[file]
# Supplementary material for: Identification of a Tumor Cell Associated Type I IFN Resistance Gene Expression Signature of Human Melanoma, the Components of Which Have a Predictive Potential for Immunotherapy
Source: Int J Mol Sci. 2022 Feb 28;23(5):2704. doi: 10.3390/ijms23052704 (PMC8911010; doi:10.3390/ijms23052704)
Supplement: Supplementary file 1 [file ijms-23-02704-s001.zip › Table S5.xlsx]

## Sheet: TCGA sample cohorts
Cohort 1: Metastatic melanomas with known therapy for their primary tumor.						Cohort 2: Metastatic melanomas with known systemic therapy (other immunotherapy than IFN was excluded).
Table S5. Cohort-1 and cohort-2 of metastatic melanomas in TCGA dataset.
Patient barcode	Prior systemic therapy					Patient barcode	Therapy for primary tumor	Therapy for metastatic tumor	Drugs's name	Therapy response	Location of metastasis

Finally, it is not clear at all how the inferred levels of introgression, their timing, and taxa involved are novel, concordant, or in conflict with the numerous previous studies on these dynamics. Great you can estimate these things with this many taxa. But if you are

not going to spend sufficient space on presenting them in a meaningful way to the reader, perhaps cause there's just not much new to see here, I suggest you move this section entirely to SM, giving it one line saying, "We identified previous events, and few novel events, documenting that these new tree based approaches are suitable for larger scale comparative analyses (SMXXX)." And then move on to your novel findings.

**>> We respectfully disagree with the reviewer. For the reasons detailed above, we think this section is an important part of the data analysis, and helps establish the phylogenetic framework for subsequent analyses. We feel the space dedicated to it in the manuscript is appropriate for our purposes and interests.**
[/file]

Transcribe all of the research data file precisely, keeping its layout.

# Supplementary material for: Identification of a Tumor Cell Associated Type I IFN Resistance Gene Expression Signature of Human Melanoma, the Components of Which Have a Predictive Potential for Immunotherapy
Source: Int J Mol Sci. 2022 Feb 28;23(5):2704. doi: 10.3390/ijms23052704 (PMC8911010; doi:10.3390/ijms23052704)
Supplement: Supplementary file 1 [file ijms-23-02704-s001.zip › Table S5.xlsx]

## Sheet: TCGA sample cohorts
Cohort 1: Metastatic melanomas with known therapy for their primary tumor.						Cohort 2: Metastatic melanomas with known systemic therapy (other immunotherapy than IFN was excluded).
Table S5. Cohort-1 and cohort-2 of metastatic melanomas in TCGA dataset.
Patient barcode	Prior systemic therapy					Patient barcode	Therapy for primary tumor	Therapy for metastatic tumor	Drugs's name	Therapy response	Location of metastasis

Finally, it is not clear at all how the inferred levels of introgression, their timing, and taxa involved are novel, concordant, or in conflict with the numerous previous studies on these dynamics. Great you can estimate these things with this many taxa. But if you are

not going to spend sufficient space on presenting them in a meaningful way to the reader, perhaps cause there's just not much new to see here, I suggest you move this section entirely to SM, giving it one line saying, "We identified previous events, and few novel events, documenting that these new tree based approaches are suitable for larger scale comparative analyses (SMXXX)." And then move on to your novel findings.

**>> We respectfully disagree with the reviewer. For the reasons detailed above, we think this section is an important part of the data analysis, and helps establish the phylogenetic framework for subsequent analyses. We feel the space dedicated to it in the manuscript is appropriate for our purposes and interests.**